On a personal basis, it was also very reassuring to learn that others were in similar, often identical, situations to me. Networking provides the opportunity to develop a close community of like-minded individuals who can help you to stay motivated and focused, even as circumstances are tough and applications are unsuccessful.

4. Use your time to learn new skills

Looking for work is a full-time job in itself. That being said, there are many other ways you can equip yourself with new skills and seek to stand out against other candidates. Taking on a part-time course or LinkedIn Learning course (LinkedIn Premium offers a free trial for a month, 10/10 would recommend!) is a good way to pass the time in a productive manner, shows initiative to prospective employers and keeps you mentally stimulated on the days where you can lose hours just waiting for a potential email response to an application.

5. Open your mind to new types of experiences

I once considered internships to be unworthy as experiences because, from what I’d seen, they were short-term and often unpaid opportunities. Recent reflection has seen me change my mind on this, as, at the end of the day, experiences are experiences! Industry-specific chances are useful as another way to gain new skills, network with professionals, as well as try the shoes on as such and see if they fit. You never know, an internship could lead to a permanent position further down the line or, alternatively, it could show you that you that the role you were aspiring for isn’t what you thought it would be and might not be worth pursuing.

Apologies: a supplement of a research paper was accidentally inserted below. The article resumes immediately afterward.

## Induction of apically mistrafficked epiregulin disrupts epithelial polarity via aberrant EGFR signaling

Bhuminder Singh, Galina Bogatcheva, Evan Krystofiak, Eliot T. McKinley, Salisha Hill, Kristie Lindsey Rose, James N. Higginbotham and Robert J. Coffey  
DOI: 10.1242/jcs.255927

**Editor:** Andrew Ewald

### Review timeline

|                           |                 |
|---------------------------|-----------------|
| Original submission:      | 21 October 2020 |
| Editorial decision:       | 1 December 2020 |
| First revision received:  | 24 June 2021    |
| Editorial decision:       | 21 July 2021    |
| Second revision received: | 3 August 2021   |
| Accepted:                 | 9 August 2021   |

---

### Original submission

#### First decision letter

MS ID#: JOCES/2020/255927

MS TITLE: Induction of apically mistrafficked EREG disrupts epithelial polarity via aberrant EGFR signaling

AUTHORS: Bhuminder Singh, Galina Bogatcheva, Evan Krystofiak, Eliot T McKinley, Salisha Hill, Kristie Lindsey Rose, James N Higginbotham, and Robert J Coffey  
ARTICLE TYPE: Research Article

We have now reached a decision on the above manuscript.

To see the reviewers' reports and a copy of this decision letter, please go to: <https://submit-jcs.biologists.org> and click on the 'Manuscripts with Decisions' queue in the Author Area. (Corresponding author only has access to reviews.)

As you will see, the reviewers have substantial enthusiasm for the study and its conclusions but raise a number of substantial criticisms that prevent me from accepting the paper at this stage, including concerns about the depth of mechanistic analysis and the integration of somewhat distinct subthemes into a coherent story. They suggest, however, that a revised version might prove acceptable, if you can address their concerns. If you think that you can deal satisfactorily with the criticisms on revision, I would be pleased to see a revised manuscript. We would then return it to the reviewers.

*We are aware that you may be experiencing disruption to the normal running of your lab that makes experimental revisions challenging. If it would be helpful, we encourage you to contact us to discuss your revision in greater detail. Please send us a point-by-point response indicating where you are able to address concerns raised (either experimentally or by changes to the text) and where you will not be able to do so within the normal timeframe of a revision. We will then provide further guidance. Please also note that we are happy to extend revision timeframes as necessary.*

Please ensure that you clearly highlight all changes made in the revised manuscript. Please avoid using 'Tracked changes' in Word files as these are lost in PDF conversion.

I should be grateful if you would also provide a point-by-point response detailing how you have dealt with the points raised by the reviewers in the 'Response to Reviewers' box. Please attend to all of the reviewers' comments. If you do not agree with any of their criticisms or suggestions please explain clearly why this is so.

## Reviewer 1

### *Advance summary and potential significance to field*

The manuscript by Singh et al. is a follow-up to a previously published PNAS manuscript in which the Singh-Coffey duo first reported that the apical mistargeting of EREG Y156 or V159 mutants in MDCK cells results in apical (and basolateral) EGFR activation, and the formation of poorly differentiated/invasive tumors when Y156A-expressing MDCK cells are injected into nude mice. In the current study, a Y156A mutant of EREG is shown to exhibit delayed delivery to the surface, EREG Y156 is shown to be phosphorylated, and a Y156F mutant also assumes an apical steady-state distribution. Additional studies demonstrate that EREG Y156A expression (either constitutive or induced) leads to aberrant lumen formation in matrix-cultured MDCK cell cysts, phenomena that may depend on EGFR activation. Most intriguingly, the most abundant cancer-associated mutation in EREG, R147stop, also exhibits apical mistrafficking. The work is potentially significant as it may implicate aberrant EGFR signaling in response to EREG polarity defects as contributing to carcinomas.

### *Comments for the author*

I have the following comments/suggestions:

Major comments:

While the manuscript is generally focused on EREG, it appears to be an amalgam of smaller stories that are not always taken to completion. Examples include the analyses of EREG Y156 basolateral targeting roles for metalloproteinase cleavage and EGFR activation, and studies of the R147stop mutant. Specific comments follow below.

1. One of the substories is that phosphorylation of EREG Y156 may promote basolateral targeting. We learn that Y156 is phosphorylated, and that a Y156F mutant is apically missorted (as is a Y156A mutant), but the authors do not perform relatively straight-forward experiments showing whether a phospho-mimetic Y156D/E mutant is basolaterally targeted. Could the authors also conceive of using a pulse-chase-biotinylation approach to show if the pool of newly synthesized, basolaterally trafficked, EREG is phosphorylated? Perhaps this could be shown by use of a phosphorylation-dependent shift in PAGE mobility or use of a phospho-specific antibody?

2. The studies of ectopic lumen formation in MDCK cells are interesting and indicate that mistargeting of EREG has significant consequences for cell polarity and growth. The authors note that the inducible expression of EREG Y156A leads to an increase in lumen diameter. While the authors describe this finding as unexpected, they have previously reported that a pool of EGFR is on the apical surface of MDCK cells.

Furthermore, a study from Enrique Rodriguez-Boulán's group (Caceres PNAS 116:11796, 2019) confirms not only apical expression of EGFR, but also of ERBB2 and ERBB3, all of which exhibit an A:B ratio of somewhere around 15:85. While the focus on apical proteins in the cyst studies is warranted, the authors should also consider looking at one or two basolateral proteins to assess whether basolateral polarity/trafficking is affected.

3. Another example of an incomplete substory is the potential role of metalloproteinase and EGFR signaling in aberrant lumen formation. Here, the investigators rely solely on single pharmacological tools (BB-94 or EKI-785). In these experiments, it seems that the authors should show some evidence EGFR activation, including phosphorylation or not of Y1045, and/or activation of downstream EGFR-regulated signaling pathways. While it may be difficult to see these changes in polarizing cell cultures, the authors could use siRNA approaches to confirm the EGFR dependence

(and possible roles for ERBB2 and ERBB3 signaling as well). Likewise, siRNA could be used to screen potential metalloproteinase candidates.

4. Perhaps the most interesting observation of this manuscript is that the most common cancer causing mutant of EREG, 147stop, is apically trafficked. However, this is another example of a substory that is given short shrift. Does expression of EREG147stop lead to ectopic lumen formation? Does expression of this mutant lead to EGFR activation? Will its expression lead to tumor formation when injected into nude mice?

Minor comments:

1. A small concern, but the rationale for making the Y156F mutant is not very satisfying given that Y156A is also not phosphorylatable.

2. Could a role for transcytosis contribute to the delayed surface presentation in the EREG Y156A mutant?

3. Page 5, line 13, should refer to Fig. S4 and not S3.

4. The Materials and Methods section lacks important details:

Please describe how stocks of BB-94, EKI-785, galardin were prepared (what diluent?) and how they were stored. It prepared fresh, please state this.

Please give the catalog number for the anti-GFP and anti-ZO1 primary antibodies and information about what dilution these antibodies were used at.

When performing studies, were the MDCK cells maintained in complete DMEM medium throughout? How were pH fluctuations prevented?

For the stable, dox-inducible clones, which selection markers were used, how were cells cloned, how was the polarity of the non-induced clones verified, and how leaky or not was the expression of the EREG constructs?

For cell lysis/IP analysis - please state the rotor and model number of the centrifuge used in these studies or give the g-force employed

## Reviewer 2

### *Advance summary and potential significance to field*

LIFE UPDATE: The trials and tribulations of the perpetual job search

(In response to an article on The Guardian by Richard Partington)

Times are hard! You definitely need resilience to find basic employment these days. Plus, if you’re wanting to climb the ladder towards your dream career, which may be more industry-specific, you’re probably not going to get much benefit from generic advice at the jobcentre. Even with being proactive and taking initiative to network or get involved with online schemes like internships, it can be very tough on your confidence. There’s perpetual applications being sent off with sometimes not even a courtesy acknowledgement email being sent in response, as well as constant rejection.

I have been repeatedly told not to take it personally and I’ve been reminded that these are exceptionally challenging times with unemployment rates only exacerbated by COVID-19. It’s a reassurance in some ways and I know I’m lucky to have a roof over my head and no dependents to provide for, but for others, I can only imagine how difficult it must be to persist under so much pressure.

Here’s to hoping that us unemployed folk make it out the other end and find the rewarding roles we deserve!